• Fully implement the permanent HIPAA audit program;
  • Maintain complete documentation in OCR’s Program Information Management System (PIMS) case tracking system of corrective action taken by covered entities in cases investigated by OCR;
  • Develop an efficient method in PIMS to search for and track covered entities;
  • Require OCR staff to check whether covered entities have been previously investigated to identify any history of noncompliance; and
  • Expand outreach and education efforts, including by targeting health industry and professional health care associations.

In its response letter to the OIG study, OCR accepted the recommendations and reported that it has already addressed certain of the recommendations and is in process on others. As of September 2015, OCR reported that it has updated PIMS and is developing policies to ensure its staff reviews a covered entity’s history of prior investigations upon the initiation of a new investigation and fully documents investigations and corrective actions. As noted above, OCR reported that it plans to start the Phase 2 Audits in 2016.

Study of OCR Follow-up of Reported Breaches

The OIG study entitled, “OCR Should Strengthen its Follow-up of Breaches of Patient Health Information Reported by Covered Entities”, concludes that OCR has not completely or adequately documented or investigated reports of data breaches. OIG recommended that OCR take five key steps to improve its response to reported breaches, which generally mirror the recommendations in the OIG’s other study discussed above.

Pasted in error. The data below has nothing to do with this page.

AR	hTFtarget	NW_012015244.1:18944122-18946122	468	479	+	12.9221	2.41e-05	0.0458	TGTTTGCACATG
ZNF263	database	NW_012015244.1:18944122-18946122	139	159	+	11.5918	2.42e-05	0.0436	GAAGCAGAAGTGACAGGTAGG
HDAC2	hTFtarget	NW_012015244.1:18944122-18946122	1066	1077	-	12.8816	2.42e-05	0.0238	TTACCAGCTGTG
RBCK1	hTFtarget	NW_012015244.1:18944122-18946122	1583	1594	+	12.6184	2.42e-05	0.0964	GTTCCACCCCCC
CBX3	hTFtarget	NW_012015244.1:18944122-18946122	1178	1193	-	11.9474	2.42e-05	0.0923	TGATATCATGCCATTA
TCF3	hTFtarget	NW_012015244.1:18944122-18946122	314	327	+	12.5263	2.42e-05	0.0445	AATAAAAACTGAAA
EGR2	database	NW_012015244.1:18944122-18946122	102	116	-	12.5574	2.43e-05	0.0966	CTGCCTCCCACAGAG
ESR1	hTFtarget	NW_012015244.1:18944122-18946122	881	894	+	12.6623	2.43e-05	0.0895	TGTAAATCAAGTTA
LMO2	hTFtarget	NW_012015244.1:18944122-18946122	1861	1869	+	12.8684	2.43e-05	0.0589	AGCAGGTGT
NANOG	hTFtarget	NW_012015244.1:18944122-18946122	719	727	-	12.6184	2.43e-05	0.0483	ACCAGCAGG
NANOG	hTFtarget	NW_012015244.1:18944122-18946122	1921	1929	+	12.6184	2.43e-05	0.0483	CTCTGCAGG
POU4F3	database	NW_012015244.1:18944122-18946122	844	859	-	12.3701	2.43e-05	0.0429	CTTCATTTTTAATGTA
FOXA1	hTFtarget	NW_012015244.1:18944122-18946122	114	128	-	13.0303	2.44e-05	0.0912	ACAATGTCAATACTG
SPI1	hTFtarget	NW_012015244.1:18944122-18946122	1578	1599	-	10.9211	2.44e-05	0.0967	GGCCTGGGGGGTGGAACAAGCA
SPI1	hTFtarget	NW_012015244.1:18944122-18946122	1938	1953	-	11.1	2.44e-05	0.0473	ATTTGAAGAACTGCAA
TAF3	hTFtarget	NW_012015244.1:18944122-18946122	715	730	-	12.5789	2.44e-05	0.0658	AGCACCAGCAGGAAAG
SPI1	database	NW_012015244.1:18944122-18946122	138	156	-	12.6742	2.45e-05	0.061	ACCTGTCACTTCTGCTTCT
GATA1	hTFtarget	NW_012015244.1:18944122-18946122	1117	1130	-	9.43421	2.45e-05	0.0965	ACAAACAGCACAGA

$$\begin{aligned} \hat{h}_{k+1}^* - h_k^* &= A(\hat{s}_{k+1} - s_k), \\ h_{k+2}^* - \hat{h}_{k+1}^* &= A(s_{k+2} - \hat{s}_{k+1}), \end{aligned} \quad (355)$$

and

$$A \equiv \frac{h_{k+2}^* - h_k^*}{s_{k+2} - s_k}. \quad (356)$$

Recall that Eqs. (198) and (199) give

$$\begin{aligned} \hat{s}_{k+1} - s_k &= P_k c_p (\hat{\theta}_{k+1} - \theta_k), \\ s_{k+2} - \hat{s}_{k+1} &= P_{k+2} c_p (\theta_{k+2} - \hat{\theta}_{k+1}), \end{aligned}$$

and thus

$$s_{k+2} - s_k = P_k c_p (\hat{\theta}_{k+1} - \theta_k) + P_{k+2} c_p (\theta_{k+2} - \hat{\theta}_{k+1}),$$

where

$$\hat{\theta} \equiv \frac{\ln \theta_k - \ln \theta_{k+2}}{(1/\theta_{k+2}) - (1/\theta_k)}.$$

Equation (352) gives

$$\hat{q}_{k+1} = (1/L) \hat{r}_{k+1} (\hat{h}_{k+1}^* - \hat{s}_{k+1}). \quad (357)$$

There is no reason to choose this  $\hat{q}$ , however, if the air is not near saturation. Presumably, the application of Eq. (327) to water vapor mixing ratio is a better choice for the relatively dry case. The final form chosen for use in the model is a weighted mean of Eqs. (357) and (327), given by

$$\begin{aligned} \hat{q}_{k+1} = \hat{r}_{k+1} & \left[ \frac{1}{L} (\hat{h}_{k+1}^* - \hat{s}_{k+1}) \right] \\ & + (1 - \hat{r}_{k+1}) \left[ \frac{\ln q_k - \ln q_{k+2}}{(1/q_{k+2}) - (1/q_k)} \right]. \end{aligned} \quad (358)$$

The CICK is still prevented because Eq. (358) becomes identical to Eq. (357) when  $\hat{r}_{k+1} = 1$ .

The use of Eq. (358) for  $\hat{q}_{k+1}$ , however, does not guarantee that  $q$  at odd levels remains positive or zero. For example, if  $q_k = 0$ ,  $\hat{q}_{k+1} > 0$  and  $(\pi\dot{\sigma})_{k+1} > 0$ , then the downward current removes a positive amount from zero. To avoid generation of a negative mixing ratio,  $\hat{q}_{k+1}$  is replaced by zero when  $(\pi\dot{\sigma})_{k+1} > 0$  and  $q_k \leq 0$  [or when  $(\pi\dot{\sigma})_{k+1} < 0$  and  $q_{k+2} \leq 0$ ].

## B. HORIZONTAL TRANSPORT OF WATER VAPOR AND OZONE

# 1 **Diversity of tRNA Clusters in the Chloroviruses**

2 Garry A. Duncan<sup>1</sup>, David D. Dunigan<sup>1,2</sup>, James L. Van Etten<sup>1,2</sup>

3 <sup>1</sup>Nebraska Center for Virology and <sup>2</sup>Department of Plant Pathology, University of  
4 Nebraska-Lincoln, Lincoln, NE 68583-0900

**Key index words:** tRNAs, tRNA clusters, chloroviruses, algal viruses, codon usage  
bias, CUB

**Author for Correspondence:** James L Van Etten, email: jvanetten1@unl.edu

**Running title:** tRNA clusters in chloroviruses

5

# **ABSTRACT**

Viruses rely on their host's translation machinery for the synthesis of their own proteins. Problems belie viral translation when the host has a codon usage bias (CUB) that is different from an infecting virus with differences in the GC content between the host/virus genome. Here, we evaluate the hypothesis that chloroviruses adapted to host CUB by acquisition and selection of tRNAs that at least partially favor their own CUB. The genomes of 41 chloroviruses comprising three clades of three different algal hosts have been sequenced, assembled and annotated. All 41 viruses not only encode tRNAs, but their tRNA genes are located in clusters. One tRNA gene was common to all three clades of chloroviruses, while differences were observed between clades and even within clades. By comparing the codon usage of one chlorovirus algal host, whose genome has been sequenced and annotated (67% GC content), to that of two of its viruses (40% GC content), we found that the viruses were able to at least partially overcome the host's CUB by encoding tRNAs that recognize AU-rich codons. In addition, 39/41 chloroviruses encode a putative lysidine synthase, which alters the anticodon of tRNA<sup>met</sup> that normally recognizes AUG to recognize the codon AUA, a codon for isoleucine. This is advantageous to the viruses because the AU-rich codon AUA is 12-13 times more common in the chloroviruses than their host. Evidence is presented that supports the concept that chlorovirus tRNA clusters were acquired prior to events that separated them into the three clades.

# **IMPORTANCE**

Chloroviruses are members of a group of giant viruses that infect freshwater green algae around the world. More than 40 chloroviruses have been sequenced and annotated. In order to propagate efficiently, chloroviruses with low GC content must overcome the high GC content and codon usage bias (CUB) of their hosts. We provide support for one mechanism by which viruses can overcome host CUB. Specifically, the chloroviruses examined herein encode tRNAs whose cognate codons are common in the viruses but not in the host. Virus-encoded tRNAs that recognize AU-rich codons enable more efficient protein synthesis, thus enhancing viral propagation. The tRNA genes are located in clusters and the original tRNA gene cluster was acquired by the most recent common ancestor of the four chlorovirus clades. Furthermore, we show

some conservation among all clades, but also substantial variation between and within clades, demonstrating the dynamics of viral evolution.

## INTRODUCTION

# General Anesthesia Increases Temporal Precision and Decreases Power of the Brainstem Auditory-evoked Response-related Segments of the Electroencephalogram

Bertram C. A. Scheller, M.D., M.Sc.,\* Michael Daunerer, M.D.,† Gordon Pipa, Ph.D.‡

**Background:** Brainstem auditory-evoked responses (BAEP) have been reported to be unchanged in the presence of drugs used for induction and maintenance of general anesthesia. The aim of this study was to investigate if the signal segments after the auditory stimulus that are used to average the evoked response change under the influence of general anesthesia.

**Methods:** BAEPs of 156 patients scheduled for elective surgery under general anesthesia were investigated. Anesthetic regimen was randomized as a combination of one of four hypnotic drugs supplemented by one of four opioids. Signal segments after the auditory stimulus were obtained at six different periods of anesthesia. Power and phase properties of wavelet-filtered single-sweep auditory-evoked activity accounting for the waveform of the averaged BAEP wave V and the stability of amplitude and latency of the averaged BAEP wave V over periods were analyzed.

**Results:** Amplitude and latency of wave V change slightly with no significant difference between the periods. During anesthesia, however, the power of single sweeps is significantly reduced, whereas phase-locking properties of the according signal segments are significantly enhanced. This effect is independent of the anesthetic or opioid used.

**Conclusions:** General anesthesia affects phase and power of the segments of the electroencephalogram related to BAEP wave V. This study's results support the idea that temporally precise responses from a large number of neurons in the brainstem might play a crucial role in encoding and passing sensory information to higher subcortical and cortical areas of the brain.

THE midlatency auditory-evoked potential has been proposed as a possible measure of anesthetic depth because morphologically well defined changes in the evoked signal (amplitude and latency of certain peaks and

In addition, OIG recommends that OCR enter information about small breaches affecting fewer than 500 individuals into PIMS to facilitate identification of covered entities that experience multiple breaches and may have systemic problems. This recommendation and OCR’s concurrence is a warning to covered entities and business associates that routinely experience smaller breaches in their business operations.

What Should You do to Prepare for Phase 2 Audits?

Covered entities and business associates should take the following steps to ensure that they are prepared for the possibility of a Phase 2 Audit and minimize the risk of civil money penalties in the event of a security breach or complaint by an individual patient or health plan member: